AMD loses in absolute gaming performance, again, but not by much. I wish that weren't the case, because even if AMD just tied Intel in gaming performance it would basically make this a clean sweep. As it stands, the Zen 2 architecture improves performance compared to Zen+, but it doesn't fully close the singlethreaded and gaming performance gap.

Ryzen 3000 CPU performance

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The other side of the coin is non-gaming performance, and here AMD makes some massive inroads against Intel. The Core i7-8700K overall was slower than the Ryzen 7 2700X last year, which is why Intel released the Core i9-9900K. That's an 8-core/16-thread CPU, and going up against AMD's new Ryzen 7 3700X—also an 8-core/16-thread CPU—Intel is barely hanging on to a lead in multithreaded CPU performance. Toss in the 12-core/24-thread Ryzen 9 3900X and it's not even close: AMD's 3900X is 21 percent faster than Intel's i9-9900K. At the same nominal price (Intel is more expensive because you need an aftermarket cooler.)

Factoring gaming and singlethreaded performance into the mix, AMD's Ryzen 9 3900X still claims a 9 percent lead over the i9-9900K, while the i9-9900K leads the 3700X by 9 percent in multithreaded testing and 11 percent overall. With the Ryzen 7 3700X, the closest Intel competitors by price are the i7-8700K and i7-9700K (again, AMD has a price advantage as you don't need to buy a separate cooler). Intel leads by 8 percent and 13 percent in the gaming tests (respectively), but AMD leads by 24 percent and 14 percent (again, respectively) in multithreaded performance. Overall, the 3700X is about 5 to 10 percent faster than Intel's 8th and 9th Gen Core i7 parts.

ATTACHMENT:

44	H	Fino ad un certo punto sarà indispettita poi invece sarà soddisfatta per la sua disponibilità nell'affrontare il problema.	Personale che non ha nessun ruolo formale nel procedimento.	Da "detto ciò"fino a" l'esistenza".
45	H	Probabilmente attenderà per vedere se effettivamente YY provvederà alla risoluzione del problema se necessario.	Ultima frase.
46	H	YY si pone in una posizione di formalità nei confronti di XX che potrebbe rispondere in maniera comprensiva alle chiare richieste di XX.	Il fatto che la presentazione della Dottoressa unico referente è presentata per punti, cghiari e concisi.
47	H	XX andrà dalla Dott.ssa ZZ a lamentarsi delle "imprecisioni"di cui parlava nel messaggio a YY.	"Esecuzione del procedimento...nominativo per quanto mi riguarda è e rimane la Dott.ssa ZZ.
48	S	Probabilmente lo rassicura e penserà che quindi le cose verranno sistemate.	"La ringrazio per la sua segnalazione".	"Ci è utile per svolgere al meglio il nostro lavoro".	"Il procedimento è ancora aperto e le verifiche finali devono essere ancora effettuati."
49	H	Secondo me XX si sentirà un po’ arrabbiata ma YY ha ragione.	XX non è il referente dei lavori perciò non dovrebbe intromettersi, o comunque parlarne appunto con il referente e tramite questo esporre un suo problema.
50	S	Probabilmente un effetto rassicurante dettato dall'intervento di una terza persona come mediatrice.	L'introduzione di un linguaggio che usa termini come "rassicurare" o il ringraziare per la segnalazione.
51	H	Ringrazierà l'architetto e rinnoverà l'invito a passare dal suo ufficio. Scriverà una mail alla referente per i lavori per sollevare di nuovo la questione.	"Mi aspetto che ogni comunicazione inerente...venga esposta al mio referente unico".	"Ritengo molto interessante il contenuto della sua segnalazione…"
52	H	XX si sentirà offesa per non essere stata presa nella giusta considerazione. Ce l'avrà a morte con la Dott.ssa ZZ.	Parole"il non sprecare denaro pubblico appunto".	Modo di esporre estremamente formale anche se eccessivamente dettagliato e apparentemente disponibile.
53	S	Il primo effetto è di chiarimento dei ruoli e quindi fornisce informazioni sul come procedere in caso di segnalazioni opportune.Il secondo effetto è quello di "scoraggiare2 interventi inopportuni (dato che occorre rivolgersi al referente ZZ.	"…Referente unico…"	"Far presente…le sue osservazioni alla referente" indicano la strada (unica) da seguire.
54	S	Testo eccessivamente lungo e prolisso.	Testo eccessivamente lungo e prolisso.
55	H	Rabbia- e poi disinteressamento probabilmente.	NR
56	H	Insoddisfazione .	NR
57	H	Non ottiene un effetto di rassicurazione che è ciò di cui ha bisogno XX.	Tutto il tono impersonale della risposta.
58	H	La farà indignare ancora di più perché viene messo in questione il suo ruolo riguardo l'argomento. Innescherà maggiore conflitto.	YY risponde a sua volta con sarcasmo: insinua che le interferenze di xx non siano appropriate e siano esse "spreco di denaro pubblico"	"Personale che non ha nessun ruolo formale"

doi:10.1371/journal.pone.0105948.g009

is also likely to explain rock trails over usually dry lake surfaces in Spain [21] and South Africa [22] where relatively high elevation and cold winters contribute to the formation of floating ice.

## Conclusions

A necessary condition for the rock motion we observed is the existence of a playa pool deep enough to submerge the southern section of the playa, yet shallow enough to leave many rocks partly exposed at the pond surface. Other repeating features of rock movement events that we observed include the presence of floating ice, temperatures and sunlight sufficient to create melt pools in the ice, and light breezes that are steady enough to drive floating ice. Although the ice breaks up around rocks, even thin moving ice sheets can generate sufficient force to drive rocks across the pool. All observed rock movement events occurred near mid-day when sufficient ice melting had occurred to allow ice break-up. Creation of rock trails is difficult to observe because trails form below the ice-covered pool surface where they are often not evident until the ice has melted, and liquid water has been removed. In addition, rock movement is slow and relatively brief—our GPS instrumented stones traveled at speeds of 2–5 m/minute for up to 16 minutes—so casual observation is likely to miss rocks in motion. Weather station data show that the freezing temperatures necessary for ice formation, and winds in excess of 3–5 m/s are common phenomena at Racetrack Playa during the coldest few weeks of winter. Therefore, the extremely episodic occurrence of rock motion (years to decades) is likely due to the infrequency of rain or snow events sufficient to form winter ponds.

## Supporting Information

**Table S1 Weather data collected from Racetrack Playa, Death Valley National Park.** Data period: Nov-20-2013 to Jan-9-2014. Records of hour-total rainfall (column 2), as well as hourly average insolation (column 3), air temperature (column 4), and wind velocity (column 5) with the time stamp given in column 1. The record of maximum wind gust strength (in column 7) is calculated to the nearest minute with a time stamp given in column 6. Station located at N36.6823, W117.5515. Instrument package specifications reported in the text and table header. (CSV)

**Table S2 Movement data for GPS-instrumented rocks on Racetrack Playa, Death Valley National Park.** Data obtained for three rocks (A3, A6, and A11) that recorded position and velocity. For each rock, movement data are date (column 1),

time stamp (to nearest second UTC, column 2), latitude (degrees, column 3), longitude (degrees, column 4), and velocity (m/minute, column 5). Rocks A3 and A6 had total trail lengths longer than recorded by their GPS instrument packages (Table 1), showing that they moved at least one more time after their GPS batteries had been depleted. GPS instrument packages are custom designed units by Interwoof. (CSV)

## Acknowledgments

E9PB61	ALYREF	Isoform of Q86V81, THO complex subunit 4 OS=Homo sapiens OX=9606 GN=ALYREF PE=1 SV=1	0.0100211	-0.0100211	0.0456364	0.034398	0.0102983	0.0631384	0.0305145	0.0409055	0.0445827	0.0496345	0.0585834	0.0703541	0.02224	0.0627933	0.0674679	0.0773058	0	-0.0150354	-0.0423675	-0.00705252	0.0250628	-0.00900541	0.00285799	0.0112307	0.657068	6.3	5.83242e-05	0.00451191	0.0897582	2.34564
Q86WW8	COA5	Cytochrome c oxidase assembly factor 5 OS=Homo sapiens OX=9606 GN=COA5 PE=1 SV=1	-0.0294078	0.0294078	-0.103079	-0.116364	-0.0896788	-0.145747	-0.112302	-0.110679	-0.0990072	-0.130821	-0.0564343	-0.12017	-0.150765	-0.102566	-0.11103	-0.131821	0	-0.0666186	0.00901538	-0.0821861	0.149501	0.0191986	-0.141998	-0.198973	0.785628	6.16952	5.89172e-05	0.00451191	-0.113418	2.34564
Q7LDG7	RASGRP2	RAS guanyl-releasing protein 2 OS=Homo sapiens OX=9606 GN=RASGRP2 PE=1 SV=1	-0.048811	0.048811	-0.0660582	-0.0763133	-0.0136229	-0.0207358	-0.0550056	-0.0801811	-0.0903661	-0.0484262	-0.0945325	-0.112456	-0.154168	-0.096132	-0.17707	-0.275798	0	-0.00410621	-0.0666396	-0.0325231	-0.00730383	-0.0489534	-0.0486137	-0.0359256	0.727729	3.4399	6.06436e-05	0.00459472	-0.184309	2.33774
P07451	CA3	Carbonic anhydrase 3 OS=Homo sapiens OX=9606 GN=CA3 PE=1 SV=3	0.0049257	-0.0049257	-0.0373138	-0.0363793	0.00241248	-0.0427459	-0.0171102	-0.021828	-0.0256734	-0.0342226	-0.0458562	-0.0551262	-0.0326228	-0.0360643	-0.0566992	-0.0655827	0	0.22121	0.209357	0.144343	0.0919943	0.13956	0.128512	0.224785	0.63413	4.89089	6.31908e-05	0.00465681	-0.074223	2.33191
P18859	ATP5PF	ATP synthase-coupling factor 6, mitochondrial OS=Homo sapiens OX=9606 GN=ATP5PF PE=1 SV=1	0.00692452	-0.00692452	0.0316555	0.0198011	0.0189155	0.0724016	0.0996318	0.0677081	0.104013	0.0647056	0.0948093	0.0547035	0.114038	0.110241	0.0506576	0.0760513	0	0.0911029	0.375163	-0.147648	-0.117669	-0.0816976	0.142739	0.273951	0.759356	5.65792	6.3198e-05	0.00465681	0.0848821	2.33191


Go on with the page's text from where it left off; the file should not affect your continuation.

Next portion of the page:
How much do those differences really matter? It depends on how you use your PC. I know a ton of people that never do any form of 3D rendering, which means four of the multithreaded tests I've included are basically meaningless. Even video encoding (or transcoding) isn't something that 'most' people do on a regular basis—it's very important for streamers and video professionals, but not really a critical item for a lot of users. If it takes five minutes instead of six minutes to encode a video, but still takes 15 minutes to upload the result to YouTube, does the one minute saved really matter? There are also a few oddities—VeraCrypt AES performance looks quite poor on the 3900X for some reason (application or architecture, I couldn't say). The reality is that most non-enthusiasts (and non-professionals) likely wouldn't notice a difference between any of the Core i5/i7/i9 and Ryzen 5/7/9 products in the charts in day to day use. We've definitely hit a plateau in terms of what 'typical' people ask of their computers.